Critically Endangered parrots killed by rats at breeding facility
Captive breeding efforts to save the Critically Endangered Orange-bellied Parrot Neophema chrysogaster – Australia’s rarest bird with perhaps as few as 50 individuals in the wild – have suffered a setback.
Fourteen Orange-bellied Parrots were killed by rats during late 2015 at the Taroona (Hobart) captive-breeding facility, which is run by Tasmania's Department of Primary Industries, Parks, Water and Environment.
The affected birds were being held separately in quarantine from the main breeding stock, as they were suffering from Psittacine Beak and Feather Disease (PBFD). Following the killing of two parrots during October and November, in early December a more serious incident led to the death of the remaining birds. (In May 2013, two Orange-bellied Parrots in the same facility were killed by a cat that climbed onto the outside of the aviary, disturbing the birds at night.)
The Australian Federal Environment Minister, Greg Hunt, labelled the latest incident as "deeply disturbing", prompting Matthew Groom, Minister for Environment, Parks and Heritage for Tasmania to defend his government department: "The deaths of birds within the captive population has been taken seriously by the Tasmanian Government.” He stated that he has been assured that since the incident security standards at Taroona have been significantly enhanced.
Paul Sullivan, Chief Executive of BirdLife Australia commented: "These incidents clearly show the danger of allowing wild bird populations to decline until they rely on captive insurance programs. It’s tragic to lose any Orange-bellied Parrots; we need to learn from the incident and pull together to keep this bird from going extinct."
BirdLife Tasmania has called for a wide-ranging enquiry into the deaths of the parrots. Its Secretary, Sue Drake, said: "Clear transparency on the management of the Orange-bellied Parrot crisis is needed if we are to save this bird."
Orange-bellied Parrot is a small, attractive ground-feeding parrot, slightly larger than a Budgerigar Melopsittacus undulatus, with rich-green plumage and a small patch of orange on its belly that gives it its name.
The parrot is known to breed at just one site, Melaleuca in the south-west of Tasmania, before migrating to the Australian mainland to winter on saltmarshes in Victoria and South Australia (historically, the species has also been recorded from New South Wales).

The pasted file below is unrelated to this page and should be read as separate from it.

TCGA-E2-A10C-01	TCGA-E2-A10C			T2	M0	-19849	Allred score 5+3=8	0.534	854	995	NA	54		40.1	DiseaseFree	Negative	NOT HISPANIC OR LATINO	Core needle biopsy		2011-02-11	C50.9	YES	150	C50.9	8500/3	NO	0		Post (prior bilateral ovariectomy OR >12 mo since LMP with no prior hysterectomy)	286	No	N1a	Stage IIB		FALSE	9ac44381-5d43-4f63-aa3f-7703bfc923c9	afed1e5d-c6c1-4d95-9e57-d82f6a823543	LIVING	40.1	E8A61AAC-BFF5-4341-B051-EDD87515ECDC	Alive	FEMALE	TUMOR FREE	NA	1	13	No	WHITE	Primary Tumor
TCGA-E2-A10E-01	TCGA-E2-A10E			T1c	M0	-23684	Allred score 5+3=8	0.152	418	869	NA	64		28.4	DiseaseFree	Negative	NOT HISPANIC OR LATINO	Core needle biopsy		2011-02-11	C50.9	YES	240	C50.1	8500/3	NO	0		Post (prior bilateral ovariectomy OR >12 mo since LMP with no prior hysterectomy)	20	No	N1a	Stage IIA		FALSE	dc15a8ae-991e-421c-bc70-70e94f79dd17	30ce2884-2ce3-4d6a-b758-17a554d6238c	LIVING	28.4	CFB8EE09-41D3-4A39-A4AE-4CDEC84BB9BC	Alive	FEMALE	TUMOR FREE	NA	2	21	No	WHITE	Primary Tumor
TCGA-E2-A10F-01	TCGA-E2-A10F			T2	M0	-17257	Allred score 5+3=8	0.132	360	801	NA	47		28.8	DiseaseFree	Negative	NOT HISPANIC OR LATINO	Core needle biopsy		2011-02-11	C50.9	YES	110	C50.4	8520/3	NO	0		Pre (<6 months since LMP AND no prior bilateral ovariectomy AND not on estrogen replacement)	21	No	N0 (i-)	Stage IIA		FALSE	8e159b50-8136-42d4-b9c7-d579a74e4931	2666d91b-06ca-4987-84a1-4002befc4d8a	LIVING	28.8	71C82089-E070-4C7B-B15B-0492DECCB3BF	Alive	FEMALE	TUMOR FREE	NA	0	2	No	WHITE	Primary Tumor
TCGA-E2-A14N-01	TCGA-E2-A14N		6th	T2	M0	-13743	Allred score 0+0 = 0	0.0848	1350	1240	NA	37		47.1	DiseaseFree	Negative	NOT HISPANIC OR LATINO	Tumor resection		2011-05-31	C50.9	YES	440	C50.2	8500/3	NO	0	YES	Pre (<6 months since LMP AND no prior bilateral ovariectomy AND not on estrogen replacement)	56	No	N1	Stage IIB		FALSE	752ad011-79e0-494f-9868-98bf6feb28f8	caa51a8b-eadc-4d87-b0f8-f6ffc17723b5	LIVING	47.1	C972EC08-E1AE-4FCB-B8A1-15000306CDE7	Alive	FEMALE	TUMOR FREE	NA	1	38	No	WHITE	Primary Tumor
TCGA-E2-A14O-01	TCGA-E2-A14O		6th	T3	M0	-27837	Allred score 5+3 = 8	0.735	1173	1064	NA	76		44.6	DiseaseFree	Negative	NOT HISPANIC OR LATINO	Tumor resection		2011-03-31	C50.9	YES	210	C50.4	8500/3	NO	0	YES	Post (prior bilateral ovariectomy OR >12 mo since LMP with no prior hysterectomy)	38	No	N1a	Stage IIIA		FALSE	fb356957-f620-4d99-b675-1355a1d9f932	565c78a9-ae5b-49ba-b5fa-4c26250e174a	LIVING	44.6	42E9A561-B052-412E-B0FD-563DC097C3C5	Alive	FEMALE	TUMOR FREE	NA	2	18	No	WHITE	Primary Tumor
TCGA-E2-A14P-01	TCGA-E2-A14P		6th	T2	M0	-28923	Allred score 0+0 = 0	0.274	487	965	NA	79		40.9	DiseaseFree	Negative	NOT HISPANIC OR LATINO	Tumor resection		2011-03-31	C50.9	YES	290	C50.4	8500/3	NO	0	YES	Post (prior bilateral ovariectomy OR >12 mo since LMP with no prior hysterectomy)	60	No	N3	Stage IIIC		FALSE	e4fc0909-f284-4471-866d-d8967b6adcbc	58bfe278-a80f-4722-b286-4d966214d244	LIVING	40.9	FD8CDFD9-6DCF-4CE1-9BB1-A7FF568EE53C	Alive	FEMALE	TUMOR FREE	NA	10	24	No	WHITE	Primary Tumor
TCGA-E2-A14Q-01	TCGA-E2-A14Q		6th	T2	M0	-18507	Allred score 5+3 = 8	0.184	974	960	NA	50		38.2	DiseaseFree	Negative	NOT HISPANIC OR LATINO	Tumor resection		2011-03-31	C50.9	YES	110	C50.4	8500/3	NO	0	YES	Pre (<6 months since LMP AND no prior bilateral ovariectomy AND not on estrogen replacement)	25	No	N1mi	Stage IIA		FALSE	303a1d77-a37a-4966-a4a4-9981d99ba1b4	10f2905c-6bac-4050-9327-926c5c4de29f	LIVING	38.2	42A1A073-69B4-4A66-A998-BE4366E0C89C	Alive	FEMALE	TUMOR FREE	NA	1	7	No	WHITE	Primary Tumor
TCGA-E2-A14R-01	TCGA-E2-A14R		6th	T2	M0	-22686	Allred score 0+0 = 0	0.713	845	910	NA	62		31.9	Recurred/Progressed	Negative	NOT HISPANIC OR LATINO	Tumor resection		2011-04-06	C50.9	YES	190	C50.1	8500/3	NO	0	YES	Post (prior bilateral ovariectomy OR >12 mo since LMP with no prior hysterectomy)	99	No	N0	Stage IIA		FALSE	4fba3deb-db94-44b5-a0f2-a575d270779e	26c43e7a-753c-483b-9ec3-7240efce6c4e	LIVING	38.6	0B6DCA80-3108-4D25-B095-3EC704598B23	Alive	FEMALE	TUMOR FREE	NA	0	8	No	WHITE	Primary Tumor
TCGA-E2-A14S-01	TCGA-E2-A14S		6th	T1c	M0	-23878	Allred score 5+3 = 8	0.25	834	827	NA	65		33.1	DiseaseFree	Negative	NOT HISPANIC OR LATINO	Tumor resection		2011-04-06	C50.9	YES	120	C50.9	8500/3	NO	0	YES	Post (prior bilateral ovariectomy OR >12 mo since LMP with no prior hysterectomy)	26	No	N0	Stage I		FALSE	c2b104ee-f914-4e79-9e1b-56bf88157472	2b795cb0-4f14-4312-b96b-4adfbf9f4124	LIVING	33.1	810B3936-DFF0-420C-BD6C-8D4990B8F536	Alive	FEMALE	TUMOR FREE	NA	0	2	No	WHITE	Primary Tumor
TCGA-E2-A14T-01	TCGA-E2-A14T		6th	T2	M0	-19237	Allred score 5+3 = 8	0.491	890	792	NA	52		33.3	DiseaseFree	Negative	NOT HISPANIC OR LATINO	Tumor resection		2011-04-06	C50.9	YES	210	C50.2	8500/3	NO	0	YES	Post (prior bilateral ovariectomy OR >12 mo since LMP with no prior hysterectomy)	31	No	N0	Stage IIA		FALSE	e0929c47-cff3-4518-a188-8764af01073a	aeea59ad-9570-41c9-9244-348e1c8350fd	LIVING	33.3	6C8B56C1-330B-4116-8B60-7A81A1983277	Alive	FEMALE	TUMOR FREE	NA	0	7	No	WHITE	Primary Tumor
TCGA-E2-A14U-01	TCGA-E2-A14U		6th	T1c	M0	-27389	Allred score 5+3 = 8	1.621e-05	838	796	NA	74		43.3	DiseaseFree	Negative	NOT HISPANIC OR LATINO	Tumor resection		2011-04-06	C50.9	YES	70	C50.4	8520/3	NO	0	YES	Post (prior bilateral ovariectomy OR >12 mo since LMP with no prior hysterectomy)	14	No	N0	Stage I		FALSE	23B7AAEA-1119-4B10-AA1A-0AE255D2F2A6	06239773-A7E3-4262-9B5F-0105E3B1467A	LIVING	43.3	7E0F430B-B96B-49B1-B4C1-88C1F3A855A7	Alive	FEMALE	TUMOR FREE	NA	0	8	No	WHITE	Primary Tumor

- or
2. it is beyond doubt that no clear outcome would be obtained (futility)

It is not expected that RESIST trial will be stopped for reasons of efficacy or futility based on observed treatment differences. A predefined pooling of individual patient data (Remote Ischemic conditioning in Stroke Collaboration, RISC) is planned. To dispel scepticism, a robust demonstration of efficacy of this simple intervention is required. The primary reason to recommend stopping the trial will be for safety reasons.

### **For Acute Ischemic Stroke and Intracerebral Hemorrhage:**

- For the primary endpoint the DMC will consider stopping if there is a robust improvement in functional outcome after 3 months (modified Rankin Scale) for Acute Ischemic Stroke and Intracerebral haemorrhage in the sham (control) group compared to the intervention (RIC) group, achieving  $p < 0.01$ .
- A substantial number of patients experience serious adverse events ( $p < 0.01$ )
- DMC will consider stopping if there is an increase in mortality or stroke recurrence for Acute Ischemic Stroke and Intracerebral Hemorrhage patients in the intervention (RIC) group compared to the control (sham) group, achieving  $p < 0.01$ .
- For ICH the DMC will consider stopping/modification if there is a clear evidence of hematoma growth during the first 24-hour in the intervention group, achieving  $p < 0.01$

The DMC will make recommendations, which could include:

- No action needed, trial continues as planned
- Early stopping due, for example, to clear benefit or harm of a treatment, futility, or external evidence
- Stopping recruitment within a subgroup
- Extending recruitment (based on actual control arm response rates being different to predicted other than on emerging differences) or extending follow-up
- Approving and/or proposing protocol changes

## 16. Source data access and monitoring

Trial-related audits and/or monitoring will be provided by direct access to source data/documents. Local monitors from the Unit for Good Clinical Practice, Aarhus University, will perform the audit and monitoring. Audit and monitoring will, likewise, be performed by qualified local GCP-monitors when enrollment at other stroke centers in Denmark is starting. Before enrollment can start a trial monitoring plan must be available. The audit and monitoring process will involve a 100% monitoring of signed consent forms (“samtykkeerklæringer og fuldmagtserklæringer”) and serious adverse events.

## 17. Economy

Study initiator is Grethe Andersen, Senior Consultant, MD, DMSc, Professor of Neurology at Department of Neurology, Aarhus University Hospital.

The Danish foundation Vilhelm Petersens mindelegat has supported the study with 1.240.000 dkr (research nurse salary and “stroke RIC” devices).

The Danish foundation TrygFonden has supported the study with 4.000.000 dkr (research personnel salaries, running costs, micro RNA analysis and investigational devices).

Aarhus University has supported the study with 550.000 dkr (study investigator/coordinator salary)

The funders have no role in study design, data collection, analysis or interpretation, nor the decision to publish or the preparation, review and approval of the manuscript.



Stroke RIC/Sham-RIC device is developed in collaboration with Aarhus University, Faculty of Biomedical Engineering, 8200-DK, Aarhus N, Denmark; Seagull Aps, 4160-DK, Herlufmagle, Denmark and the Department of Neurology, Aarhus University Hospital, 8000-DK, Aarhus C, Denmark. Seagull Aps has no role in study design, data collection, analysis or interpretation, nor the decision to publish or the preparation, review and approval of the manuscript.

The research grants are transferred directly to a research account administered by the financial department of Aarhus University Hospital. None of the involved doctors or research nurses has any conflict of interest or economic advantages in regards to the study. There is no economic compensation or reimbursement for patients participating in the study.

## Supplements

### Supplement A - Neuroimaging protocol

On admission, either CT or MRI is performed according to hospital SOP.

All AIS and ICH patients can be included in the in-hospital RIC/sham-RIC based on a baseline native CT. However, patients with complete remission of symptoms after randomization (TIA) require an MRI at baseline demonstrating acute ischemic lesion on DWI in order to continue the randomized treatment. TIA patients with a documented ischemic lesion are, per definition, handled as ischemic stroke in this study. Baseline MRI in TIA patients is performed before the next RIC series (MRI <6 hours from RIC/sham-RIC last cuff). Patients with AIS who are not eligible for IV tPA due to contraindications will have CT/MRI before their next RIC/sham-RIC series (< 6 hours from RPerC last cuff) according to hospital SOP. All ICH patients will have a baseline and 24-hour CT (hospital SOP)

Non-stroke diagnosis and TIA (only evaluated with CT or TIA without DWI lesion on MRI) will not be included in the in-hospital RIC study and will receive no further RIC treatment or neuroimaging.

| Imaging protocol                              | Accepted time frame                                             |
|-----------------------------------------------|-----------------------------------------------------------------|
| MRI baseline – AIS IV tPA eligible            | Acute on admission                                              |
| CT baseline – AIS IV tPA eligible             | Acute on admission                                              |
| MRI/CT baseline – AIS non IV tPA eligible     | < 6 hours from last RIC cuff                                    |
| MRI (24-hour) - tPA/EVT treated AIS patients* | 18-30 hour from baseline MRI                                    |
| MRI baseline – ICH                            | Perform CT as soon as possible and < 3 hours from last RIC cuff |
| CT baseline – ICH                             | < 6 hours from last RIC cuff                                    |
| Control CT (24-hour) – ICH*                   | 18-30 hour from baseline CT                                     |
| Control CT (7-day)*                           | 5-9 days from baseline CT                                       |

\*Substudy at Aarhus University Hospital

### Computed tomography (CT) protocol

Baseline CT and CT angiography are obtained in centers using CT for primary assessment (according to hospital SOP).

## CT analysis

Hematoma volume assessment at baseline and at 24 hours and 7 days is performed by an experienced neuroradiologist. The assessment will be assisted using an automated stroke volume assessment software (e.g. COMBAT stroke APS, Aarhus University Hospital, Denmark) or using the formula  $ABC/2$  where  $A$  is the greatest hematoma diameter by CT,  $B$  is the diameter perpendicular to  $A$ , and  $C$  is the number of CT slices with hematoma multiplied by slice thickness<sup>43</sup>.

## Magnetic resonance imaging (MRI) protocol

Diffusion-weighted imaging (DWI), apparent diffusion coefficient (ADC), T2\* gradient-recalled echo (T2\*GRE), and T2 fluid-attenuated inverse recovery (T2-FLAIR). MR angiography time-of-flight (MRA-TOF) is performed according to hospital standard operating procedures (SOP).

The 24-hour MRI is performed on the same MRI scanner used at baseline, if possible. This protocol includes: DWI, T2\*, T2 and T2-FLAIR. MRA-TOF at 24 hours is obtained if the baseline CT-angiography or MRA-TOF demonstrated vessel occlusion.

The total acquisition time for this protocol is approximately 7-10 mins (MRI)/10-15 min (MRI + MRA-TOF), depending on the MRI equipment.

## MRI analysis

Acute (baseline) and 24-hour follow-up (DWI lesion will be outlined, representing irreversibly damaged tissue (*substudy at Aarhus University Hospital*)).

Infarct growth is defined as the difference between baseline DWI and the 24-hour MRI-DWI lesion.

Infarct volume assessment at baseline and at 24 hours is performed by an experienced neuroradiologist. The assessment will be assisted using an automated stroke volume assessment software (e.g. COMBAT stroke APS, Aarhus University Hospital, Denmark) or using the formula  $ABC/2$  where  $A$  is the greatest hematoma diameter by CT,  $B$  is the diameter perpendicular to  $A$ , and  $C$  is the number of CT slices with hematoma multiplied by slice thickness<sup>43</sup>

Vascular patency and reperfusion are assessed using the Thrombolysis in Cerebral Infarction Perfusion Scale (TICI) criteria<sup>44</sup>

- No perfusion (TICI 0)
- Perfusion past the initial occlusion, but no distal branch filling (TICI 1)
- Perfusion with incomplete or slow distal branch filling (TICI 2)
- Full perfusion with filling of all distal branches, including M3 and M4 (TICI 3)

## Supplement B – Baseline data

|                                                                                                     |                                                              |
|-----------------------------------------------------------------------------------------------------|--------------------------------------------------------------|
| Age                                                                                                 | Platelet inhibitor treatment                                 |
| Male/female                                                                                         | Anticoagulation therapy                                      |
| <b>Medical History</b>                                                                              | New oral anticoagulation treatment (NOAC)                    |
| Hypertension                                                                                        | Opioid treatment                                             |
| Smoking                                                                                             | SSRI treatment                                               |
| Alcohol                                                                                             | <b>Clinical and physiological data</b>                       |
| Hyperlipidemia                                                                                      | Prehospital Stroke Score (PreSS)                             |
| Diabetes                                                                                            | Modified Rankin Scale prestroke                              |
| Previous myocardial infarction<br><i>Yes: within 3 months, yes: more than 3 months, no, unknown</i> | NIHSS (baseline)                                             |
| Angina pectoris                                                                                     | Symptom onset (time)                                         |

Since 2005, when the wild population was estimated at around 150 individuals, the species has undergone a rapid decline, with surveys in 2010 finding fewer than 50 birds at Melaleuca, and no birds at other historical breeding sites. The main reason behind the decline is thought to be the fragmentation, degradation and loss of the species’ wintering mainland habitat as a result of increased grazing, agriculture and urban/industrial development. With such a small, remnant population the species is also susceptible to disease; an outbreak of PBFD in 2015 affected 19 out of 26 wild Orange-bellied Parrot nestlings tested. Other threats include invasive mammalian predators such as foxes and cats, competition from introduced birds including Common Starling Sturnus vulgaris, and degradation of habitat along the species' non-breeding migratory corridor on Tasmania's north-west coast and the Bass Strait islands.
To try and mitigate these declines there is a well-established captive-breeding programme, with 345 Orange-bellied Parrots held at various facilities on Tasmania and the mainland as of May 2015. The aim is to achieve and sustain a minimum captive population of 350 birds.
More-promising news has recently come from the wild population at Meleleuca, where 21 birds had returned by the end of October 2015, including two birds ringed as fledglings at the site in 2014 – indicating that they had successfully undertaken their arduous migration for the first time.